Cultural exchange highlighted at KSUT

Monks from the Gaden Shartse Monastery of Tibet stand together with Tribal Radio Program Director, Mike Santistevan and KSUT Executive Director, Tami Graham on Friday, July 12.
Geshe Lobsang Wangyal wears a set of Buddhist prayer beads or malas, which are traditionally used to count the number of times a mantra is recited, the small hand drum is also used in chants and prayers.
Geshe Lobsang Wangyal chants prayers in a live radio broadcast at KSUT.
Jeremy Wade Shockley | The Southern Ute Drum
Jeremy Wade Shockley | The Southern Ute Drum
Jeremy Wade Shockley | The Southern Ute Drum

Monks from the Gaden Shartse Monastery of Tibet paid a visit to the KSUT studio Friday, July 12 for a live interview during their recent trip to Southwest Colorado as part of a cultural exchange and fundraising tour.

The exchange is a celebration of unity and culture, hosted by local volunteers working with Peaceful Heart Durango. The visiting Buddhist monks hail from one of the oldest Tibetan orders, and last visited Durango in 2015. This year the six representatives hosted a series of events and presentations from July 10 — July 17. Among the events were the creation of a public sand mandala, multiple speaking engagements, and ritual chanting. The monks also offered private blessings within the community.

According to a recent press release, the monks depend on donations for their survival, and the generosity of our community has kept them coming back—this is their fourth visit here.

KSUT Executive Director, Tami Graham had the pleasure of interviewing Geshe Lobsang Wangyal and Venerable Lobzang Yeshey (who goes by Shanu) as part of KSUT programing.

The Tibetans gave a short history of their monastery, and their beliefs.  Then they shared songs, prayers and chanting during the live radio interview.

The monks began the show by highlighting their mandala. “This time we are making a sand mandala, for the Buddha of Knowledge,” Geshe Lobsang Wangyal said.

They explained the significance of the mandala, which they constructed over the course of the next five days inside of the Sorrel Sky Gallery in downtown Durango.

Once the long and artful process of creating an intricate mandala is finished, the monks wipe it clean, destroying it to further the belief of impermanence. The sand used for the mandala holds the blessings, good thoughts, and energy of this process.   This sand is then used to bless a home, garden, or in this case, the Animas River, where it was scattered at week’s end.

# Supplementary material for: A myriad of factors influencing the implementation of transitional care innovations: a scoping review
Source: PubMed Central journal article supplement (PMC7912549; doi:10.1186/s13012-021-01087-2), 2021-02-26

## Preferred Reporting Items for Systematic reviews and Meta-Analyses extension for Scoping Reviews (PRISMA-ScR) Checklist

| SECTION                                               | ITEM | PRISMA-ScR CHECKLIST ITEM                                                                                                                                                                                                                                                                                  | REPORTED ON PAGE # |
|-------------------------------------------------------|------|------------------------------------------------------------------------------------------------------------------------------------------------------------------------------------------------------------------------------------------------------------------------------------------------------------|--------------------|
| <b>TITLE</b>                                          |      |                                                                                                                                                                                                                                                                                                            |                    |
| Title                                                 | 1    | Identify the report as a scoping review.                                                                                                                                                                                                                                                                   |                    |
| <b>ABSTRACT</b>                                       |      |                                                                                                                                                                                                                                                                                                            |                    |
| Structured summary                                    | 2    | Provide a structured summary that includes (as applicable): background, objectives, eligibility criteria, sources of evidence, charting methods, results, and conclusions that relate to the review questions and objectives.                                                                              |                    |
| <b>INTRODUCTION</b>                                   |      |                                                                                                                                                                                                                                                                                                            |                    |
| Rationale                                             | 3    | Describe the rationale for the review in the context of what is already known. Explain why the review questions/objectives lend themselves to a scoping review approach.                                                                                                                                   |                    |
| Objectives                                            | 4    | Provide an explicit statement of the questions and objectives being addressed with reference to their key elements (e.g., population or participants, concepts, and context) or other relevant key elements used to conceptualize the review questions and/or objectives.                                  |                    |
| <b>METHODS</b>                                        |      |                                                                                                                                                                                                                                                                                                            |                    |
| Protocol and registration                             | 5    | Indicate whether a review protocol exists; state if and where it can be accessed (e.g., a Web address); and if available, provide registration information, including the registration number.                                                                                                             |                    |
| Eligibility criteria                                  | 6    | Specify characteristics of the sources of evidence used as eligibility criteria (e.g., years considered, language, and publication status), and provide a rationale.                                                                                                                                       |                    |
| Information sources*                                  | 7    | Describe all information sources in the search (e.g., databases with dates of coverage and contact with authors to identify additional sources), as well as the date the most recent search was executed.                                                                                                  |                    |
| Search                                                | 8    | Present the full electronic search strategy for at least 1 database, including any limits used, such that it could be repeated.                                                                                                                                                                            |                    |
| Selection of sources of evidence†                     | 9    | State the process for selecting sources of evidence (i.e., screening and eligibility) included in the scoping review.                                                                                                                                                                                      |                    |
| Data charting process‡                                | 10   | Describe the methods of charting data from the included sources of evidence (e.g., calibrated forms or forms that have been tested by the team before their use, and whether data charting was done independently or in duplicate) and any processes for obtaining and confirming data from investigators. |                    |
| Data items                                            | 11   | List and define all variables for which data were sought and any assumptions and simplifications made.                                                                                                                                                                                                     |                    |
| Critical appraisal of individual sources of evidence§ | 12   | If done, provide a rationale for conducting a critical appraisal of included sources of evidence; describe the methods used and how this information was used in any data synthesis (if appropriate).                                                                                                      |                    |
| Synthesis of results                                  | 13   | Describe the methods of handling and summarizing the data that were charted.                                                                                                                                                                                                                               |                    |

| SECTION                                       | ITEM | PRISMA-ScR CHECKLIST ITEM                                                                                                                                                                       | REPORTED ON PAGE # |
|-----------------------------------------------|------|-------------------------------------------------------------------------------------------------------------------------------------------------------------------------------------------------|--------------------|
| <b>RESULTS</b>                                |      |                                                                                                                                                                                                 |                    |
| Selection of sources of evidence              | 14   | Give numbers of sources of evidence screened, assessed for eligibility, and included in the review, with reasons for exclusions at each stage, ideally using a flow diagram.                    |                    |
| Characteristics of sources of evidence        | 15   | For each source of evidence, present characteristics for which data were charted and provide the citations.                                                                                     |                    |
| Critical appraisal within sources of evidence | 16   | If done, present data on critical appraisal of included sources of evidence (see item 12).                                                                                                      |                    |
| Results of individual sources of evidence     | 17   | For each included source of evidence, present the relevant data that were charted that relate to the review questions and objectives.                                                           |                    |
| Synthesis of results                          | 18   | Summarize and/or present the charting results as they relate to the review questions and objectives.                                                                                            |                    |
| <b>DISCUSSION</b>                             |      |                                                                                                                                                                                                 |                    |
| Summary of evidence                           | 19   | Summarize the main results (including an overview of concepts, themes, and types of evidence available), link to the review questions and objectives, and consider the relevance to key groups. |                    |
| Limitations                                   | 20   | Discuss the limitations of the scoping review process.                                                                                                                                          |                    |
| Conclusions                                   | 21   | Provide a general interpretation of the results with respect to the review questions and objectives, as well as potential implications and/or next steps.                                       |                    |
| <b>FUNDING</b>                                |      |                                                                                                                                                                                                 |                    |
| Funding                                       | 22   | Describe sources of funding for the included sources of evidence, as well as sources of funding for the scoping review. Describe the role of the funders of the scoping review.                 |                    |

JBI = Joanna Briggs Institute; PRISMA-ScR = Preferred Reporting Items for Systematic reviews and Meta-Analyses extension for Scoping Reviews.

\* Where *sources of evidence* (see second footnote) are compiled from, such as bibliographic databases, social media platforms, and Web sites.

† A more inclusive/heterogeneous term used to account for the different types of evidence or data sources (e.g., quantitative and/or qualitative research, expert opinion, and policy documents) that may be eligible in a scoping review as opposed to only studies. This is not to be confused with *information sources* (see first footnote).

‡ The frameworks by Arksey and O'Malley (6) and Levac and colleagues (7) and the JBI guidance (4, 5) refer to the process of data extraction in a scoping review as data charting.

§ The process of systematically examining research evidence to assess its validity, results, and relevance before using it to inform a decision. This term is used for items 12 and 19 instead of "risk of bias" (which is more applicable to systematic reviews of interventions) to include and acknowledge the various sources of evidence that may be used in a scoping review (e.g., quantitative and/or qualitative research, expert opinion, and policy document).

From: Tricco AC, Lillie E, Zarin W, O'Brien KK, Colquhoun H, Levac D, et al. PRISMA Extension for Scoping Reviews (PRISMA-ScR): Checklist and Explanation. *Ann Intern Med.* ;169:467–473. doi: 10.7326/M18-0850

“When the sand goes into the river, Tibetan people believe this sand has been blessed [by deities]. They believe the sand will beautify the river,” Wangyal said. “Nothing in life is permanent, it is impermanent.”

The visiting monks implied that greed and anger fuel many of the world’s problems, both socially and physically. Referencing the Six Root Delusions in Buddhism, they said that many of the world’s problems could be avoided if one is able, or society as a whole is able, to give up those negativities. 

“Their home monastery, Gaden Shartse Monastic College, is situated amid lush green hills and jungle in the remote countryside of southern India. It was founded in 1969 as an effort to re-establish one of the great monastic traditions of Tibet.  A small group of elder monks and fifteen young boys, all of whom had managed to escape the destruction in Tibet, settled on land given to them by the Indian government in Mundgod, Karnataka,” a statement by the Gaden Shartse Cultural Foundation said.

Today the college is at the forefront of the revival of Tibetan Monastic education, with more than 1600 resident students, teachers, scholars, and spiritual practitioners.  More than 70% of the members are between the ages of 10 and 25 and 80% of these were born in Tibet. To this day, young monks arrive at the Monastery weekly from Tibet, seeking shelter and education. Due to the success of the academic program and the quality of the teachers at the monastery, Gaden Shartse has established a reputation as being the leader in the field of Buddhist and Tibetan studies, according to a recent press release.

If you would like to make a donation or learn more about the Gaden Shartse Cultural Foundation visit their website at According to the organization, all funds will be used to preserve Tibetan culture, for educational supplies, teachers, buildings, maintenance, and outreach at Gaden Shartse Phukhang Monastery in the Tibetan Refugee Settlement at Mundgod, India.

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